17

The main difference is the ability to be published. To break into TV, you need to live somewhere that produces a lot of TV shows (in the United States, you'd move to Los Angeles and try to hang out with others in "the industry"). I'm not sure how else you break in, but it's not easy. You can self-publish 100 novels with the same ease (and money) it ...


17

Unlike with comics, you wouldn't want to use sound effects as dialogue or dialogue adjuncts (in comics the letterer makes them separate from actual speech), though you can get away with it in something humorous. You can, however, evoke sound effects. The door slammed shut. vs. She shut the door hard. Or She nocked another arrow, let it fly, and ...


16

You dress the women however you like, and have them take whatever role they wish in their life. You pay them the same (or more) than their male counterparts for equal work, and most importantly, you have men and women alike look to women with respect. Ask their opinion. Listen to it and follow it. Consider their words. See the wisdom in them. If you open ...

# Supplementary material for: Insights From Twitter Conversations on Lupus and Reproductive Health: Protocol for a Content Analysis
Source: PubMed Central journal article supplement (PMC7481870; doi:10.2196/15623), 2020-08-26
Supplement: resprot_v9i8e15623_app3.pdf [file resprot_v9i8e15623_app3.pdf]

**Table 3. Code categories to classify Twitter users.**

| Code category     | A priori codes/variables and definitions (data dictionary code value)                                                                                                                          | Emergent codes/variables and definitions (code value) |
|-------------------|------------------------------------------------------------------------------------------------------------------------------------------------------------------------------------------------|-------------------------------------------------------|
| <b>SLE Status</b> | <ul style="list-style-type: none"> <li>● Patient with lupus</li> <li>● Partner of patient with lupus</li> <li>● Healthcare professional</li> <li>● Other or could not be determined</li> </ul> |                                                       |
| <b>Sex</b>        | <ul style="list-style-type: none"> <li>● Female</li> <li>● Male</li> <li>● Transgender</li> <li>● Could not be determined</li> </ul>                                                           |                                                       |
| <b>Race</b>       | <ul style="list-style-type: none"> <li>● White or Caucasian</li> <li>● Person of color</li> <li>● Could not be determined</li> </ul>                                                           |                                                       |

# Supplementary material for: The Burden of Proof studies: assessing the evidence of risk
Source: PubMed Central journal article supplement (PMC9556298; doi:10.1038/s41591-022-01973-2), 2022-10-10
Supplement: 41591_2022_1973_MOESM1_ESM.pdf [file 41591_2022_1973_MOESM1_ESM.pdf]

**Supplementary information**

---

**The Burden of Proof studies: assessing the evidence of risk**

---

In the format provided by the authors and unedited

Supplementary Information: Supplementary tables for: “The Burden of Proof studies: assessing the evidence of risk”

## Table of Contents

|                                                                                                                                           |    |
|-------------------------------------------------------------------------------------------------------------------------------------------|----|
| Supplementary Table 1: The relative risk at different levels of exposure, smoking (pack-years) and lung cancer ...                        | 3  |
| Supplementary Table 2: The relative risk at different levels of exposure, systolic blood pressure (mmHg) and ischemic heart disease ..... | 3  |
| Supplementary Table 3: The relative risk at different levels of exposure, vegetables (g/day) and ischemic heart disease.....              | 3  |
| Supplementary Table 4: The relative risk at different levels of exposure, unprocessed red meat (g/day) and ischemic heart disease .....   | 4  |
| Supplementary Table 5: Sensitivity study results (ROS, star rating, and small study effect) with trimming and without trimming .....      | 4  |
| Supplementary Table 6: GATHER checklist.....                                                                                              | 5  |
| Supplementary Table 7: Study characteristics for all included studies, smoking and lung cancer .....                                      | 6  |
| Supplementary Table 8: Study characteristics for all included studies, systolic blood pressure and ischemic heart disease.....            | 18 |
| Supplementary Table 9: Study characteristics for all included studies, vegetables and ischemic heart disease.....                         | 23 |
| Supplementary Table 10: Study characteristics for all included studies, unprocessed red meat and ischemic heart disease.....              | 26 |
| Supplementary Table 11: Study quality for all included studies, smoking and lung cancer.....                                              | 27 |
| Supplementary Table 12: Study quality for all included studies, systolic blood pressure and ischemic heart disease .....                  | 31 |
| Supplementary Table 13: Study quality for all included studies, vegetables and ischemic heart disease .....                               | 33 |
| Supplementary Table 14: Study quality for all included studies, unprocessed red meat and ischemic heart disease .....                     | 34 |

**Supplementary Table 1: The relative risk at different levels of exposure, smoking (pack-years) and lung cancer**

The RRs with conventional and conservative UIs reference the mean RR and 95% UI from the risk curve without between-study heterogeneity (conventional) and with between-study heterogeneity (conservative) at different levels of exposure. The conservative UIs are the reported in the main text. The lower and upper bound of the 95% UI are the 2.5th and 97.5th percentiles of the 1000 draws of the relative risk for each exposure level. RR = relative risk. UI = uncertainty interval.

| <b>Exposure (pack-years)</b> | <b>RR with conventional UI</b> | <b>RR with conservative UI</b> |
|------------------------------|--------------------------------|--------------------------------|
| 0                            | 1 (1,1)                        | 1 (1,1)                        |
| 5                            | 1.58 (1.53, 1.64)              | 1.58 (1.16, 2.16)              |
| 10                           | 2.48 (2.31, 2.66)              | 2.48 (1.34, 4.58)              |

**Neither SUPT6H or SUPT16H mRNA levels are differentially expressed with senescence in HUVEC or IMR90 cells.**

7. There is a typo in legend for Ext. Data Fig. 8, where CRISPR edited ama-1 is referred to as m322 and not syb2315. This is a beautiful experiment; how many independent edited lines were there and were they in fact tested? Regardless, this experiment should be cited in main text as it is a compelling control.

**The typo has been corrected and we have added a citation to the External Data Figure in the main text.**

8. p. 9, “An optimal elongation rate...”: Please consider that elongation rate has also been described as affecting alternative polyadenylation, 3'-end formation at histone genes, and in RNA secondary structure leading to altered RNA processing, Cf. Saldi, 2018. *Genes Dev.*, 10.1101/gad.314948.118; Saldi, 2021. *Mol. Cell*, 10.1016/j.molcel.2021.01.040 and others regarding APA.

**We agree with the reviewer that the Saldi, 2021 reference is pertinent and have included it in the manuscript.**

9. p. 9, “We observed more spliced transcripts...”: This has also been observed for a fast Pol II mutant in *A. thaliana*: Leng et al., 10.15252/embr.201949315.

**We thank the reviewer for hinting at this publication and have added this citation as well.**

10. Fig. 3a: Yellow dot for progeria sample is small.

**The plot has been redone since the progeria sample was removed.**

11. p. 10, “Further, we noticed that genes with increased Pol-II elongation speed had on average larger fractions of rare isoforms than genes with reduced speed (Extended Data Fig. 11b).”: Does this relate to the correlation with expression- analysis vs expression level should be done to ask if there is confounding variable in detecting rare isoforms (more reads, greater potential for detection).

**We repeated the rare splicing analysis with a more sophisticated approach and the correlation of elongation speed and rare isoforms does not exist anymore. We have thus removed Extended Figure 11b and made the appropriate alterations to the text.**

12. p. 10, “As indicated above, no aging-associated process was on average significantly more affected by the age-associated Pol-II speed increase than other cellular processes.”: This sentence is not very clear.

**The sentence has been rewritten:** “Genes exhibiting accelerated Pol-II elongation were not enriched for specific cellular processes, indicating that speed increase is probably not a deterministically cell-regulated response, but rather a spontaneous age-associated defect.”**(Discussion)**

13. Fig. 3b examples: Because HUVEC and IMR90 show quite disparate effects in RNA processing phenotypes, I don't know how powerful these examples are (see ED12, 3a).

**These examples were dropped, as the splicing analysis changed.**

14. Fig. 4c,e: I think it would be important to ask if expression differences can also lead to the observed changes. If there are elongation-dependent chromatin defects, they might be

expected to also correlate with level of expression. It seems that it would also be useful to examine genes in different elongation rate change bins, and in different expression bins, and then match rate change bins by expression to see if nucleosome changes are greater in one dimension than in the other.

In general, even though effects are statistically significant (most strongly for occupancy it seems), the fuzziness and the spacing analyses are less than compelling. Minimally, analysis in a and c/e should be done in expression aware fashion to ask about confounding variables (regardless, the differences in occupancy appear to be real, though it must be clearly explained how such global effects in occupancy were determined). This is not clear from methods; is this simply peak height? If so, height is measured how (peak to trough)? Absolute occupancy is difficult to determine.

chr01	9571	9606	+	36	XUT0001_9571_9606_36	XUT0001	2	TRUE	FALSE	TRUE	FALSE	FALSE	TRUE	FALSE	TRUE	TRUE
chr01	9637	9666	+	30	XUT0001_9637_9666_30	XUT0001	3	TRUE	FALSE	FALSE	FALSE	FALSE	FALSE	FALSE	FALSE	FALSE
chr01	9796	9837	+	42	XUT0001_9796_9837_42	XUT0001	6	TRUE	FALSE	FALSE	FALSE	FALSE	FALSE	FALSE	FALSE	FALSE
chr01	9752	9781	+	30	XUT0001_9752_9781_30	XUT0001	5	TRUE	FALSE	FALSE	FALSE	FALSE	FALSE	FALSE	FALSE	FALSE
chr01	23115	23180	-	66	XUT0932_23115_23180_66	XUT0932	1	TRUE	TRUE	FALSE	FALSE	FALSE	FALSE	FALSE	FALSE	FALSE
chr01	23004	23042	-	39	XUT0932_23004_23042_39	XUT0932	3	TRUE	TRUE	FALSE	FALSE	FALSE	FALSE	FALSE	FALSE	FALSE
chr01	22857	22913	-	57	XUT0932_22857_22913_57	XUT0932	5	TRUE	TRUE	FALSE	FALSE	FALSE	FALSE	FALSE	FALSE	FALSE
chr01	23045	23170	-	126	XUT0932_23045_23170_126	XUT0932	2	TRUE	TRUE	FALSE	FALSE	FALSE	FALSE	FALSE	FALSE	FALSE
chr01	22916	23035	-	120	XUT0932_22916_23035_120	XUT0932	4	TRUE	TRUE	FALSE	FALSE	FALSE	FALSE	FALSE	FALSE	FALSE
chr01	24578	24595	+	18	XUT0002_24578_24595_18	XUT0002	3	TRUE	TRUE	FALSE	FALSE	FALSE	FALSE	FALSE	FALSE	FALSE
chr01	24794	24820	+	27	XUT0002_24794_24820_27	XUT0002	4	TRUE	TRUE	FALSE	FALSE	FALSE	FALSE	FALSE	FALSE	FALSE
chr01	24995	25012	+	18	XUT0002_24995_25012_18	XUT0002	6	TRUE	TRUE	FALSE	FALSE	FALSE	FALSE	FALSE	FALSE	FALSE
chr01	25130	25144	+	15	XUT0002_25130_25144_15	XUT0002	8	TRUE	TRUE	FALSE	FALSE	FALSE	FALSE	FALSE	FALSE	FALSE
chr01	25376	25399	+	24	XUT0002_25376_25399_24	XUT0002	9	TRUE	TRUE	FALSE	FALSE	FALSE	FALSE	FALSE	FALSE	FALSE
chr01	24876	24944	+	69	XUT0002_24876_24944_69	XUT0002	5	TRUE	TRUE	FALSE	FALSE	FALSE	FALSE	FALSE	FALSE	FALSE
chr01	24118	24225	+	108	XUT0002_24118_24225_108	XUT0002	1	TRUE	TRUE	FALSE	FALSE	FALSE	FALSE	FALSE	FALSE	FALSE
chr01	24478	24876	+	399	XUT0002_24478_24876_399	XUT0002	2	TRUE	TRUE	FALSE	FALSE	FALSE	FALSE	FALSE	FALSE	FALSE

14

I don't understand the dilemma, just write it the way you want. Ultimately if you want a strong women that embraces her femininity, you are going to put her in a dress, have her pay attention to her grooming, skin, hair, makeup, etc, all the clichés of being a girly girl. So she needs to express her strength and heroism in other ways. That isn't difficult, ...


14